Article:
Rolling out from a screen at the right elbow, Sindarius Thornwell received a pass at the top of the key from freshman guard Hassani Gravett, planting and shooting in one motion. With 1:25 in the first half, Thornwell sinks his fourth three-pointer of the night, giving South Carolina a commanding 42-25 lead over Auburn. There is a brief pause in the action for an official review, but the call stands. Lost in the offensive outburst is the fact Thornwell passed Carlos Powell for the No. 7 slot in South Carolina's all-time scoring leaders.
Thornwell has quietly been making his ascent up the list. He ranked outside of the top ten just a few weeks ago, and in South Carolina's previous game against Kentucky he leaped two spots to pass Jim Slaughter and Art Whisnant.
Thornwell's legacy is still developing in real time, but even before his suspension, it just always felt like he was in the middle of a historic senior season. He currently is tied with Georgia forward Yante Maten for second in scoring in the SEC behind Kentucky's "Diaper Dandy" Malik Monk. Depending on how opposing coaches view his suspension when casting their votes, Thornwell figures to be one of the frontrunners for SEC Player of the Year.
So fill in the blank: Sindarius Thornwell is the greatest player in South Carolina basketball history since _____ ?
With all due respect to Michael Carrera and Brenton Williams, Thornwell has clearly been the most impactful player of the Frank Martin era. As a freshman he stepped on to a team that won just five conference games and averaged 13.4 points a game. At times he has been the focal point of the offense, but for most of his first three seasons he functioned as an auxiliary piece to Williams and Carrera. This is unquestionably Thornwell's team now.
If you move way back in program history, back to the golden years with Frank McGuire at the helm, Thornwell doesn't compare quite as favorably to the most dominant players of that era. Unlike Alex English, or even more recently B.J. McKie, Thornwell isn't a guy who seems destined to have his number hanging from the rafters of Colonial Life Arena.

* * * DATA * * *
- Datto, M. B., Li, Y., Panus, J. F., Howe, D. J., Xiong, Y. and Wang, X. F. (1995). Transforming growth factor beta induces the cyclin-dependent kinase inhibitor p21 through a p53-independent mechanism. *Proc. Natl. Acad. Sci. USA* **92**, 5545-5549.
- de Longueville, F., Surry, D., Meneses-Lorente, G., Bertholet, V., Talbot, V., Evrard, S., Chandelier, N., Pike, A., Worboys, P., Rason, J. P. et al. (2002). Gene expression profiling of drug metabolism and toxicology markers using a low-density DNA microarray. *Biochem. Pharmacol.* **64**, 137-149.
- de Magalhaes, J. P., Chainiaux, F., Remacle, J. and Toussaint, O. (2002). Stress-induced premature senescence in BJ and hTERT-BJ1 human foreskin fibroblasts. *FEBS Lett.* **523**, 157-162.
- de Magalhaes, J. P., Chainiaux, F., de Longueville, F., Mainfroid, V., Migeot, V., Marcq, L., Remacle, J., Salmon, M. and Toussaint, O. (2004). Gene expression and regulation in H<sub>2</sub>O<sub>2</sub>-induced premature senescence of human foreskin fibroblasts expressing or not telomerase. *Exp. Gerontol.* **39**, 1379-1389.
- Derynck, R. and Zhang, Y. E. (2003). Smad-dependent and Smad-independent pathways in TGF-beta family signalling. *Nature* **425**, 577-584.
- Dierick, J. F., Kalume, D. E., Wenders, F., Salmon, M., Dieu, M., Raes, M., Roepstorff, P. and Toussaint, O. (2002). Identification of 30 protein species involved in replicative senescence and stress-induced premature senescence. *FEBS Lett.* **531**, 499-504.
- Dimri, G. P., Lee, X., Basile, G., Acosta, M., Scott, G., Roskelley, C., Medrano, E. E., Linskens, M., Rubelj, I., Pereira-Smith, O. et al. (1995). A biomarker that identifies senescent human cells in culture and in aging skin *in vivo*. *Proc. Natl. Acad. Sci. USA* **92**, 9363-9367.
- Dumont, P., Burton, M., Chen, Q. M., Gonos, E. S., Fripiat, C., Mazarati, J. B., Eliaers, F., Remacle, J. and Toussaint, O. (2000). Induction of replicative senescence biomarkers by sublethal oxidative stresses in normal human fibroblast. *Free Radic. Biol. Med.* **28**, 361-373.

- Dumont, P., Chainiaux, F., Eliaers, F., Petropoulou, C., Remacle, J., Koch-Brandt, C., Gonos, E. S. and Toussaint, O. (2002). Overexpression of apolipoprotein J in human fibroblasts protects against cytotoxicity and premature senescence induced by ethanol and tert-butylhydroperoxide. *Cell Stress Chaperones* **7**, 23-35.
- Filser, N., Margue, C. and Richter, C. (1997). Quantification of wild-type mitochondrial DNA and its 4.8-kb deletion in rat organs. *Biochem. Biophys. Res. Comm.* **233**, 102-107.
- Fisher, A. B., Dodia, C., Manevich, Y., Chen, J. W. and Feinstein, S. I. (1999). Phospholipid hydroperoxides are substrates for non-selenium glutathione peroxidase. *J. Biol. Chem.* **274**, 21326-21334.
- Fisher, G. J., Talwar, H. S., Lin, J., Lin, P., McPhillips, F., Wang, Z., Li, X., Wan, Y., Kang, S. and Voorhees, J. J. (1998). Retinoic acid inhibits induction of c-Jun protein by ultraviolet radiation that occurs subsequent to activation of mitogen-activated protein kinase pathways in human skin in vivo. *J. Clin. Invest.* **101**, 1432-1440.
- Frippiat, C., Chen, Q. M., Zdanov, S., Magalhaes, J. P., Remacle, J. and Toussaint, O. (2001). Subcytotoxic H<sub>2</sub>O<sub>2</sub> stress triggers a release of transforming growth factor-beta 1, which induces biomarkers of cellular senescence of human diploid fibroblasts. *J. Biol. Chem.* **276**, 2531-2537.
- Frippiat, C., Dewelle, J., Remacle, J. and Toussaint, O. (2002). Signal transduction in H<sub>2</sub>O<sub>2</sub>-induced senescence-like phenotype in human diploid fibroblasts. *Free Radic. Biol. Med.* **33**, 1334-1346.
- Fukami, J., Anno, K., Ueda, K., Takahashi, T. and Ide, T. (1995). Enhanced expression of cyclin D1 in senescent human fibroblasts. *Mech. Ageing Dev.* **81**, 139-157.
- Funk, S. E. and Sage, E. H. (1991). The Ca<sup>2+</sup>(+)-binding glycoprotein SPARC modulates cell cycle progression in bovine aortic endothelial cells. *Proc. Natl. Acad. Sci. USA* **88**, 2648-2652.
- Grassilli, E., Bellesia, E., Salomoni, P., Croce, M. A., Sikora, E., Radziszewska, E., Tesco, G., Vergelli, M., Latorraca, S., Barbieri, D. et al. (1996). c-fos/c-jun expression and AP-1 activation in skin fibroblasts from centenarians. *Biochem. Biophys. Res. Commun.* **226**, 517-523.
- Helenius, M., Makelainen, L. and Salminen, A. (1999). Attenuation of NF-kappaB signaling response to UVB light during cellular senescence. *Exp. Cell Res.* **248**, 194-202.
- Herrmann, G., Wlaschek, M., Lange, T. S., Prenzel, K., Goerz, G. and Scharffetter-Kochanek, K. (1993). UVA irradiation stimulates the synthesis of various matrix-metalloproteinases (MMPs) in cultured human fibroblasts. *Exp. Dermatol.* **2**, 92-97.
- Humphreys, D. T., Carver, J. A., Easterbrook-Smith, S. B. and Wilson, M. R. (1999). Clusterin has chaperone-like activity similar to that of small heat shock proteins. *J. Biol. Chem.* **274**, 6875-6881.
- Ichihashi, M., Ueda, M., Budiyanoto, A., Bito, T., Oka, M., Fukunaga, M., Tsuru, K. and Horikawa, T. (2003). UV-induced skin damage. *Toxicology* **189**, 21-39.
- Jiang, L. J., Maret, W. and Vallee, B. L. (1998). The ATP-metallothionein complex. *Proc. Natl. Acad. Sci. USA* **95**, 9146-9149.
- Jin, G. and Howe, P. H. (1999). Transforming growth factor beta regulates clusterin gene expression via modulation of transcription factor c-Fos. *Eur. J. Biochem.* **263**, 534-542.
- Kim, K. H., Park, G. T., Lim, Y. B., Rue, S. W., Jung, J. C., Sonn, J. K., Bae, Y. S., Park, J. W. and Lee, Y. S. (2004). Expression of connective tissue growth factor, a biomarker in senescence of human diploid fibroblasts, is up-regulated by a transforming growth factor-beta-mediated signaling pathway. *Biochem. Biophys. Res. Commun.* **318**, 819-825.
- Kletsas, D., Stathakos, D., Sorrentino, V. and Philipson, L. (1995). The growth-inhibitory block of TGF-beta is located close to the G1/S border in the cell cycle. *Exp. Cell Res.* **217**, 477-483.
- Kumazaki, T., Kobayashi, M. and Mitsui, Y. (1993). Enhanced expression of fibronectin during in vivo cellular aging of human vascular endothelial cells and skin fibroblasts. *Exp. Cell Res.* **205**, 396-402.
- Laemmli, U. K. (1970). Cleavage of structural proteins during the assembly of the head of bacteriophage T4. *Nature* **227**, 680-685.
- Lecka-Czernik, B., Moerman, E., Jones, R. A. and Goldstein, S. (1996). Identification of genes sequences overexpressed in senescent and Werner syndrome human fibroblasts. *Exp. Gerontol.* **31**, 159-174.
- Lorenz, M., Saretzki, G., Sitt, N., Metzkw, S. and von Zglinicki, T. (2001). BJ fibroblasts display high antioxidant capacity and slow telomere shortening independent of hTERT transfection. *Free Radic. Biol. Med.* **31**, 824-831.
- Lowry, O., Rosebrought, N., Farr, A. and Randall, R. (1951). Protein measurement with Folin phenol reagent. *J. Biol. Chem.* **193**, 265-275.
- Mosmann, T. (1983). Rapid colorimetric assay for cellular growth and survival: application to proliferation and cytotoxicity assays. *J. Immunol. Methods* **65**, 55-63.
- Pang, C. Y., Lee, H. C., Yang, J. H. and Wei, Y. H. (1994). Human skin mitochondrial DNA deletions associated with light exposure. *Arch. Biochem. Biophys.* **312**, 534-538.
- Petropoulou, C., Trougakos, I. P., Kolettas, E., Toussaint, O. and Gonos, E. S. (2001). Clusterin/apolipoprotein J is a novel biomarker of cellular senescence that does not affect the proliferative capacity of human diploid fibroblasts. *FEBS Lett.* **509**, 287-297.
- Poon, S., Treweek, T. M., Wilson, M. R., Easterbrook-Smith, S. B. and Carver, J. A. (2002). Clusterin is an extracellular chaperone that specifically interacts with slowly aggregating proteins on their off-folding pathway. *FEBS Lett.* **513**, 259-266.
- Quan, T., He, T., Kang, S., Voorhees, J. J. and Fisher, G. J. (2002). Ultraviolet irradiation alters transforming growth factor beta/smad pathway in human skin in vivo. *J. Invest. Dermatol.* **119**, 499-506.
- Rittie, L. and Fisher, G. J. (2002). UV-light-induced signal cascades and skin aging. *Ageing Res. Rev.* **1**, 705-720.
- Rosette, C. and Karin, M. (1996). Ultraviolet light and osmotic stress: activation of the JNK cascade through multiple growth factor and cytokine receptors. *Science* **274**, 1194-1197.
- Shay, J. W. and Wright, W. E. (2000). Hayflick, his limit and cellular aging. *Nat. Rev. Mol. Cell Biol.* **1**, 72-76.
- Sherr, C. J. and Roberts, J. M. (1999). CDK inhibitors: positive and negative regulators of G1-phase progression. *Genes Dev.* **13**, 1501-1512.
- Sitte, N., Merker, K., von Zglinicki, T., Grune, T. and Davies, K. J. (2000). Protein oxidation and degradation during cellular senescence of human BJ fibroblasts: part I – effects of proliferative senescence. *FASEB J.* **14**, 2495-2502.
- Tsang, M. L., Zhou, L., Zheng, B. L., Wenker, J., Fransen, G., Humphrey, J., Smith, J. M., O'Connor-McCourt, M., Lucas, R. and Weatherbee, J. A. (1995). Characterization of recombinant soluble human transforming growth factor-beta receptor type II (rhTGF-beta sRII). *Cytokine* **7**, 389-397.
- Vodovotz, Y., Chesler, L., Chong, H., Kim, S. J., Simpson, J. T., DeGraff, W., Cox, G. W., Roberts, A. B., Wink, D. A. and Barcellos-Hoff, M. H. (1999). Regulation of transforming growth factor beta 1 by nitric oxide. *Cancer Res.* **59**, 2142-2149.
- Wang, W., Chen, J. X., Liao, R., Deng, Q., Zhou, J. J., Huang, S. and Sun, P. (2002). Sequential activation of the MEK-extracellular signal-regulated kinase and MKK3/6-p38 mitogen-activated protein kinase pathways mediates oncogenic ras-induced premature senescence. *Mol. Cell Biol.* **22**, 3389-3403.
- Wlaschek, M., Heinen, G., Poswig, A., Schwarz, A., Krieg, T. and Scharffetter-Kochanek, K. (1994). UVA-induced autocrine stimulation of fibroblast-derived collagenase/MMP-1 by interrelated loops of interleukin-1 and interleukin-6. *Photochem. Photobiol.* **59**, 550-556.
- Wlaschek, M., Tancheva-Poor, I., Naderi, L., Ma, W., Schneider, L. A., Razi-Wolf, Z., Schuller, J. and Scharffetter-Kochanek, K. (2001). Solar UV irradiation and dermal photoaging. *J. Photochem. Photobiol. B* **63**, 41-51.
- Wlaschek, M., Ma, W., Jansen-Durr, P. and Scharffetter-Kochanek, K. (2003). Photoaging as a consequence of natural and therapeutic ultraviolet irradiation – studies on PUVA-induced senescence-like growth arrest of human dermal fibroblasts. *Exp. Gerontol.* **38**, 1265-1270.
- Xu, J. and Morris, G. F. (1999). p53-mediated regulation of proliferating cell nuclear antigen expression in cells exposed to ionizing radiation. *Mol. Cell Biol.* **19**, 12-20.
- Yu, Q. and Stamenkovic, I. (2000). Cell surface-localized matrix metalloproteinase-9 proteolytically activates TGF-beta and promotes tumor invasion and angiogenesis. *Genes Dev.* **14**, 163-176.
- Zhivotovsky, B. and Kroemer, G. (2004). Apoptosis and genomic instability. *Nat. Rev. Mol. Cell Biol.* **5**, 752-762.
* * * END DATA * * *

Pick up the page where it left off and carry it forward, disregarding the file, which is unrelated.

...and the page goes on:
But Thornwell has a case to compete with the program's stars in the intermediate era. Specifically, Thornwell is probably on similar footing with three-time All-SEC guard Devan Downey. Admittedly, that seems like an odd comparison at first glance. Downey was an electrifying talent during his his three seasons in Columbia after transferring from Cincinnati before 2007. He averaged over 18 points per game in each season, including 22.5 points per game in final season. He was twice named an honorable All-American. For three years, South Carolina basketball was simply the Devan Downey show.
Thornwell's career at South Carolina has been of a different stock. Martin's teams haven't showcased a primary scorer. Points are earned at the free-throw line. Thornwell doesn't have the same gaudy stats and accolades that Downey compiled during his collegiate career, but he also hasn't had the same opportunities. Downey averaged 6.4 more field goals per game while at South Carolina.
When Thornwell needs to take over an offense, he can. Against Kentucky he essentially ran the offense at the point while also swinging down to the three and the four, finishing with 37 points.
Against Auburn Thornwell scored 22 points, but also allowed Duane Notice to have a career night. He can score when he needs to, but he doesn't have to, and shouldn't be penalized for not being part of a system that inflates the numbers of a single player.
Thornwell is primed to lead the Gamecocks to their first NCAA berth since 2004. Don't wait until then to appreciate his impact on the program, he might just be their greatest player yet of this millennium.